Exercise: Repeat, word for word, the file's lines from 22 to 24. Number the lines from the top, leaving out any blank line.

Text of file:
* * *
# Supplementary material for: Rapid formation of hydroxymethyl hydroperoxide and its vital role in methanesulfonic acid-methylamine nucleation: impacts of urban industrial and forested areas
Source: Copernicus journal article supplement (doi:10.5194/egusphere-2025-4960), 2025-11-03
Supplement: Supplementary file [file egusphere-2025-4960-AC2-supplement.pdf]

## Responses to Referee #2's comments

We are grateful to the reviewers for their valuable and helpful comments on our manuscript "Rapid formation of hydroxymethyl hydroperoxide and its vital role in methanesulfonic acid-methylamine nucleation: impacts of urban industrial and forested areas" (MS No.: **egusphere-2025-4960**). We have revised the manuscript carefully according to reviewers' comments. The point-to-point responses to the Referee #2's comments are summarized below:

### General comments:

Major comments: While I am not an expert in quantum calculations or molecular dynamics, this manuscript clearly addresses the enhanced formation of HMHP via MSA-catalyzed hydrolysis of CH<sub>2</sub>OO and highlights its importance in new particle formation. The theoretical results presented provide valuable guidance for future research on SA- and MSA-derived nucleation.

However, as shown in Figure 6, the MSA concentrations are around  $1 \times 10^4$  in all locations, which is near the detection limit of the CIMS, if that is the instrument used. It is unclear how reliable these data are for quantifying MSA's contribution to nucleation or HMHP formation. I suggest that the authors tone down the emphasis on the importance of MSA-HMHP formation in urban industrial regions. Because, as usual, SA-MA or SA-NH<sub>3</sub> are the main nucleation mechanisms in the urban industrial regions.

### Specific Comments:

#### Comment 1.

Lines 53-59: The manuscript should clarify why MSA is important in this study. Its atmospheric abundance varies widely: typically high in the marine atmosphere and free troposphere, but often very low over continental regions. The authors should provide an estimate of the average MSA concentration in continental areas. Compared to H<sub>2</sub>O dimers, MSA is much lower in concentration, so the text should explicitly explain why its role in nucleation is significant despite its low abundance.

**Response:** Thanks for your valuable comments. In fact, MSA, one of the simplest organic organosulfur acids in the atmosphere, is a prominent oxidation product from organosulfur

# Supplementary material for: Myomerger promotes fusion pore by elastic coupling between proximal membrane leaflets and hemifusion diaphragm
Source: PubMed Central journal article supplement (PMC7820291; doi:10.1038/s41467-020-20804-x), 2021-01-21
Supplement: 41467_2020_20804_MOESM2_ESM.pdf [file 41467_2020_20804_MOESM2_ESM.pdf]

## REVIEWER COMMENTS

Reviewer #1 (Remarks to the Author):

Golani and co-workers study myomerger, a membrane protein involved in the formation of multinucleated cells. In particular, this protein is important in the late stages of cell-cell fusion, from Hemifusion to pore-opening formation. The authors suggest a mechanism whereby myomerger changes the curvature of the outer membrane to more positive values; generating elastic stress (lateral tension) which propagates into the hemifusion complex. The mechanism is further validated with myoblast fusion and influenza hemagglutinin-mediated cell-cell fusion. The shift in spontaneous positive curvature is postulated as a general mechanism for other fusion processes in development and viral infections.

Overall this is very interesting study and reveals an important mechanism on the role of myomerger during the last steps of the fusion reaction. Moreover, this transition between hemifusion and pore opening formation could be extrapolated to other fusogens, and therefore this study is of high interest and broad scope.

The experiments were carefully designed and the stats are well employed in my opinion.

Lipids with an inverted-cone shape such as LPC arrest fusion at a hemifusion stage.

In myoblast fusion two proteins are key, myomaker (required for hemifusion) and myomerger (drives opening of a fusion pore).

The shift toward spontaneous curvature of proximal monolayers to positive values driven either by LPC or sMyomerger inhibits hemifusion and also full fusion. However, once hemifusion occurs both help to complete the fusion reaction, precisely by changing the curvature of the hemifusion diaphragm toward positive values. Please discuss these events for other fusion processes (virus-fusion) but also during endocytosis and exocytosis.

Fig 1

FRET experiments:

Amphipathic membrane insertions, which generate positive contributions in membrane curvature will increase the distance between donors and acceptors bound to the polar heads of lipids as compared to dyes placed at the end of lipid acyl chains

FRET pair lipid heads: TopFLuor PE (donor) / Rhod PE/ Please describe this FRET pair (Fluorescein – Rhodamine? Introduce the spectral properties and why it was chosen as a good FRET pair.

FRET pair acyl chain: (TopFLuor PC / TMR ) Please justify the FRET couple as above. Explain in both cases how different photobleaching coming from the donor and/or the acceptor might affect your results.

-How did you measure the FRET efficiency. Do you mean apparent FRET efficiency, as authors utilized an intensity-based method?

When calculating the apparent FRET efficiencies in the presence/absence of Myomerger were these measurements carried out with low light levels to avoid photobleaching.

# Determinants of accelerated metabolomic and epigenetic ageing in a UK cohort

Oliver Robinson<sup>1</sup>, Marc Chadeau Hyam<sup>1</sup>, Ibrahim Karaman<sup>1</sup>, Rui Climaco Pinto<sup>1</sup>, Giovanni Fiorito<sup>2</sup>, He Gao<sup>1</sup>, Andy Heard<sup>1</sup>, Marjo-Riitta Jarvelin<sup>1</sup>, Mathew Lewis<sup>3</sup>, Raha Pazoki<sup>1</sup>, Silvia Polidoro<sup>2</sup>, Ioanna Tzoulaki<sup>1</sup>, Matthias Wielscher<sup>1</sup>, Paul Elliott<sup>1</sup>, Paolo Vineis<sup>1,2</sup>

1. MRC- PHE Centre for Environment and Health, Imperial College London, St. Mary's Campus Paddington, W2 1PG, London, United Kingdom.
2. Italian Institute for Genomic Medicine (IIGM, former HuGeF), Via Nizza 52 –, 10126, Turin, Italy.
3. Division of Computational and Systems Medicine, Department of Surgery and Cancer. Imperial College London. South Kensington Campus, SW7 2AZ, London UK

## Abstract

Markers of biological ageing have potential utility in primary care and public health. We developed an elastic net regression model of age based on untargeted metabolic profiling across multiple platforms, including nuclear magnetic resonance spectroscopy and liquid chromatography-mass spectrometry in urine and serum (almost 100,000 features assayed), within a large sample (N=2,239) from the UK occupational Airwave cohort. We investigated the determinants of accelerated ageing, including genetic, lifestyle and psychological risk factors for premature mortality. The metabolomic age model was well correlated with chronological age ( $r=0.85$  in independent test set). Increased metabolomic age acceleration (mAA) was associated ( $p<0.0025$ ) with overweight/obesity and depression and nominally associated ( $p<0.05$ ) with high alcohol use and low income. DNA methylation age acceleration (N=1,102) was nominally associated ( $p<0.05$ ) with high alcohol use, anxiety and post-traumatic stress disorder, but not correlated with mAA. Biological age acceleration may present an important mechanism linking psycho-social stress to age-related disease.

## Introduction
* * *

In myoblast fusion two proteins are key, myomaker (required for hemifusion) and myomerger (drives opening of a fusion pore).

The shift toward spontaneous curvature of proximal monolayers to positive values driven either by LPC or sMyomerger inhibits hemifusion and also full fusion. However, once hemifusion occurs both help to complete the fusion reaction, precisely by changing the curvature of the hemifusion diaphragm toward positive values. Please discuss these events for other fusion processes (virus-fusion) but also during endocytosis and exocytosis.

Fig 1